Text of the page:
NFL Draft

Pavelle: Thoughts On A Poor 2020 TE Class

This isn’t going to be the cheeriest article. Alas.

We began the draft process saying two things. First, tight end was the closest thing to a need on Pittsburgh’s roster; and second, that wasn’t good news because the 2020 TE class looked historically bad. A number of prospects seemed to offer developmental traits worthy of a Day 3 draft pick, but even the best would not begin to offer value until Round 3, let alone at the mid-2nd pick held by Pittsburgh.

Hopes crept up a bit as the process inched forward. Junior Cole Kmet declared early, and immediately became the top prospect on the board. Bryce Hopkins displayed a better attitude (in interviews) toward blocking than his film suggested, and we were constantly reassured that he couldn’t be as bad as he looked because his father had been a pro bowl offensive lineman. Adam Trautman appeared out of the small school mist to give us a new name, and then looked like a peer of the big boys at the Senior Bowl. A few other prospects revealed some glimmers of hope too. Maybe one of these could test well enough to be worth serious consideration at #47 overall?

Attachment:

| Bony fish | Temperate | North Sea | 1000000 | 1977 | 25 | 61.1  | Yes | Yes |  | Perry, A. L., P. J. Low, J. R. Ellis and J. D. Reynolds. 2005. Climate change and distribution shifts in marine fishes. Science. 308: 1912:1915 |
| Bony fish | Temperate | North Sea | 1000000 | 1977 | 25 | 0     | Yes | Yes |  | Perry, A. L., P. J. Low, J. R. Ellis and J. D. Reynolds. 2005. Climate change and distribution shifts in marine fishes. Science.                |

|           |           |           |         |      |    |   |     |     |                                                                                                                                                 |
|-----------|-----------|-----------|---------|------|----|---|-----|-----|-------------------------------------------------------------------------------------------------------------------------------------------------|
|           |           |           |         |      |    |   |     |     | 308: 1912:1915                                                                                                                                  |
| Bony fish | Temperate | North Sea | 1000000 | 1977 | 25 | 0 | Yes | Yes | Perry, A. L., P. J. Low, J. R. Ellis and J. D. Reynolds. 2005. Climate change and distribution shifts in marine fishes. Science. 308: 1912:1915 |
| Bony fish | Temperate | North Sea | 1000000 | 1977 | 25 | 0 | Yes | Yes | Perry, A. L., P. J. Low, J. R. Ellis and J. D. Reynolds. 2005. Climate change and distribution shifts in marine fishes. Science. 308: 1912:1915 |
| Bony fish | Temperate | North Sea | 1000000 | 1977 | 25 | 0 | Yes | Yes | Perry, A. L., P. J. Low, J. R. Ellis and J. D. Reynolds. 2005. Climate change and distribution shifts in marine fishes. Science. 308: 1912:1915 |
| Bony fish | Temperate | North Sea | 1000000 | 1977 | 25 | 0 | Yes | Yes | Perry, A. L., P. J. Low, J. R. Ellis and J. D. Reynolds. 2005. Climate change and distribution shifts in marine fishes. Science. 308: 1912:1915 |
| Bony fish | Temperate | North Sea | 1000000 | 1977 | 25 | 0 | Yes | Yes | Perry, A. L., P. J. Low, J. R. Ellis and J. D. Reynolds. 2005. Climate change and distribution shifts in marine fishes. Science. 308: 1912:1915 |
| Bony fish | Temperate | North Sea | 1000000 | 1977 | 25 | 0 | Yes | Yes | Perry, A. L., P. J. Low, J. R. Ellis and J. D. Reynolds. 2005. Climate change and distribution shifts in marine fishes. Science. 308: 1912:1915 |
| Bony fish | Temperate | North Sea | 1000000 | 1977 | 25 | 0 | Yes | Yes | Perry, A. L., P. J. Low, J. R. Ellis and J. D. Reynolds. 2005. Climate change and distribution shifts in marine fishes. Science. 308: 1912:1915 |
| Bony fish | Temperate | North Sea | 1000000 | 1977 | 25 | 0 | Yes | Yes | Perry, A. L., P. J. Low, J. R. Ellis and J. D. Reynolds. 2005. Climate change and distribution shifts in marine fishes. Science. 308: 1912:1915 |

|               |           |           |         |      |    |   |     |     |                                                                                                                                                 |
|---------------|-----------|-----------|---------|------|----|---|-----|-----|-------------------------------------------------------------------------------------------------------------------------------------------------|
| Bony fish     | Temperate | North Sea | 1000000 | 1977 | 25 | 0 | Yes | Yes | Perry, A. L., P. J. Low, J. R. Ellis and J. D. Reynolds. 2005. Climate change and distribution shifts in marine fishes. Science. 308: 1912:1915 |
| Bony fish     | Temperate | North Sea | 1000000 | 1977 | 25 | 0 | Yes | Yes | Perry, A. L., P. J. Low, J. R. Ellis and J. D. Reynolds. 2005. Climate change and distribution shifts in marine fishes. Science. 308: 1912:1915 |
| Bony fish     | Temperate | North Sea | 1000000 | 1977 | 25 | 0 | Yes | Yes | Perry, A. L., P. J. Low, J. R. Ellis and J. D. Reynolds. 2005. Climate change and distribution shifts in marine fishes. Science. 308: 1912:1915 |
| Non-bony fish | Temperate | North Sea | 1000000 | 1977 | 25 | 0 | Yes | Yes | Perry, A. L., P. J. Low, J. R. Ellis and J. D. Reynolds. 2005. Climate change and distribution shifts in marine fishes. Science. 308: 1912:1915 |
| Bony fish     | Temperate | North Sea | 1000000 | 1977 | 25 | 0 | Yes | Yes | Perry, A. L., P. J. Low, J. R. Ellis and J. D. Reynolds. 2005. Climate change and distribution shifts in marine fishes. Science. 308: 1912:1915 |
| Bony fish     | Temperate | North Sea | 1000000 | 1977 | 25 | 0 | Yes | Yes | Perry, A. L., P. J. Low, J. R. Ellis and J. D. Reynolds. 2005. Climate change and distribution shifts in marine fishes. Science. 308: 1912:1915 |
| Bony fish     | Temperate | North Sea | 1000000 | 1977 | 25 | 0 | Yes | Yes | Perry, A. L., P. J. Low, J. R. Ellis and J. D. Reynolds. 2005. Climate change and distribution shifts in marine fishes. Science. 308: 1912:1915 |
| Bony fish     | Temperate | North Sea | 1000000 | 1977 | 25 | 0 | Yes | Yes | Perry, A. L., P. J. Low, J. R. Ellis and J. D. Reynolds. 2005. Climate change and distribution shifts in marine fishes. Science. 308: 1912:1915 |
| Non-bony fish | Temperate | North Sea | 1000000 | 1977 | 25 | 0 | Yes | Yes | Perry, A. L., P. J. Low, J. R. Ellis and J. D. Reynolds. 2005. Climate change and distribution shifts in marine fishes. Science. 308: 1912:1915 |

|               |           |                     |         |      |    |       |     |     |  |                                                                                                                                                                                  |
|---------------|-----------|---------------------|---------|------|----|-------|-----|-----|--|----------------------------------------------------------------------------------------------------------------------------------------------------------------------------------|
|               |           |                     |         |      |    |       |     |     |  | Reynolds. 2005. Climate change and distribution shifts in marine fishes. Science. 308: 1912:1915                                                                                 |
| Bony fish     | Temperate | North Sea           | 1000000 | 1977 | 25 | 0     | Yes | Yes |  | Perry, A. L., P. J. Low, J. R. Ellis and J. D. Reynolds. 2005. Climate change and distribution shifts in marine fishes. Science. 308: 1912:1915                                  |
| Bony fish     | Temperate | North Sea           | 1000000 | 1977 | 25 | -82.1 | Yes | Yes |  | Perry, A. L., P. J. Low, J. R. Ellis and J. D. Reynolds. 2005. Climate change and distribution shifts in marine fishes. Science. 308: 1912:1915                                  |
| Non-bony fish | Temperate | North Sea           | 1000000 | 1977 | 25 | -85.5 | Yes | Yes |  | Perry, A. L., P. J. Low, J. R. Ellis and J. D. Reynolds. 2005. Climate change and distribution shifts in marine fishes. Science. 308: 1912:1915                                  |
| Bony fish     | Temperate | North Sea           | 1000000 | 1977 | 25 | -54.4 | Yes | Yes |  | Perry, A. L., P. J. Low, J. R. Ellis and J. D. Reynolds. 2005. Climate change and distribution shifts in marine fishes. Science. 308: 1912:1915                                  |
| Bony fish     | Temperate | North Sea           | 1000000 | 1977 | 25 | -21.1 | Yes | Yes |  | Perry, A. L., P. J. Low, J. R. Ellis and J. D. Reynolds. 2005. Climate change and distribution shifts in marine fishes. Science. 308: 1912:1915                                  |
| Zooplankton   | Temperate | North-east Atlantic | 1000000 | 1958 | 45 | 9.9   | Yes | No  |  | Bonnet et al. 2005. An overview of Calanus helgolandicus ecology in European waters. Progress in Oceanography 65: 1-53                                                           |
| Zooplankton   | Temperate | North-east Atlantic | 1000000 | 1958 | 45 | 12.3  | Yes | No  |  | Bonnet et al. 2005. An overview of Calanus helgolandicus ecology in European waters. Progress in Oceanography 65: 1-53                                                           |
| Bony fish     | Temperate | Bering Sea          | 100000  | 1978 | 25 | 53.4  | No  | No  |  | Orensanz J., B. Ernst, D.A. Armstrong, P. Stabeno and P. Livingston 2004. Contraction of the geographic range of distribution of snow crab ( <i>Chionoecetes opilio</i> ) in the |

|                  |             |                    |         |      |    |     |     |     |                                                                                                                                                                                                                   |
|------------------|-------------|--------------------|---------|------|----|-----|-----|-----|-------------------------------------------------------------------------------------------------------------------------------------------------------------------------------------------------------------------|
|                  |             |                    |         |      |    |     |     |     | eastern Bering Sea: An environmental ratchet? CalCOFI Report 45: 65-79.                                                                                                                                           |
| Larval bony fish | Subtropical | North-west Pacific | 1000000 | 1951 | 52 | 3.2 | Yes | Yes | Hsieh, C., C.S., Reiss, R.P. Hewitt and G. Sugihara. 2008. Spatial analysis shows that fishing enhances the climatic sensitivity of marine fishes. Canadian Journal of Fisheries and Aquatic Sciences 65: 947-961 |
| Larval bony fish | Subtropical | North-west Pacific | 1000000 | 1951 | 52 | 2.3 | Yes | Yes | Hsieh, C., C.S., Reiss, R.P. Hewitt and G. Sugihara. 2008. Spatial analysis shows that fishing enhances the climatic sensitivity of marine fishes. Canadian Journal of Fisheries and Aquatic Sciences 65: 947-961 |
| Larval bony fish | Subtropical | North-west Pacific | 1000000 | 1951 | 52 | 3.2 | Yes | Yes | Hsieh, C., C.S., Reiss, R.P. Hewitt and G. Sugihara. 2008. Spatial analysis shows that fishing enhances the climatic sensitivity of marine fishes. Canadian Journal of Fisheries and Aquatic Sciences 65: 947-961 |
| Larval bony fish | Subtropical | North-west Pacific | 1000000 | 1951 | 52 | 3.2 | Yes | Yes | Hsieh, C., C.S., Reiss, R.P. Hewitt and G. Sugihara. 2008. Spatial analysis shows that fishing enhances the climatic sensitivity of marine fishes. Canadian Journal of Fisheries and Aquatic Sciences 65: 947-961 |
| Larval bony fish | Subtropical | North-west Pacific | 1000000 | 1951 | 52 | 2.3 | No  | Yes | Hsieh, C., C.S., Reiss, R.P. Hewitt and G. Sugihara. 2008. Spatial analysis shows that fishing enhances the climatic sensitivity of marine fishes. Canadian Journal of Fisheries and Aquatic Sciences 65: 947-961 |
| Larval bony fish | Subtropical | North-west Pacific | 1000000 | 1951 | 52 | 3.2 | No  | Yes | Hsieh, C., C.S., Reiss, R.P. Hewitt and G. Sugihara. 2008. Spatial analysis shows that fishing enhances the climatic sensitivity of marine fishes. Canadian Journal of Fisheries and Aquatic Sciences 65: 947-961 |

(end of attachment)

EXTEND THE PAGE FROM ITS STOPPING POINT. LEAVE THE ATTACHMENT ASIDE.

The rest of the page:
Then came the Combine. Alas. Because it basically reinforced the initial conclusion. Developmental traits abound but there are no complete packages from the athletic point of view.

  • Kmet has much better than expected size and really looks the part, but he really is “just” a good athlete on the NFL scale and nothing worth writing home about.
  • Albert Okwuegbunam ran like the wind in a straight line, but we almost expected that from his film. The issue there is that he blocked (in college) like the wind too.
  • Trautman looks good but his traits aren’t special enough to raise any eyebrows, and the small school stigma exists for a reason.
  • Harrison Bryant has T-rex arms.
  • None of the good blockers turned out to have startling athletic skills.
  • Etc.

The class may not be historically bad, but it certainly isn’t good. There are maybe eight to ten prospects who should, with coaching, develop into legitimate TE2’s. Two to five of those might somehow grow into TE1 status. But none of them project as special talents, and all of them project as 3-4 year projects.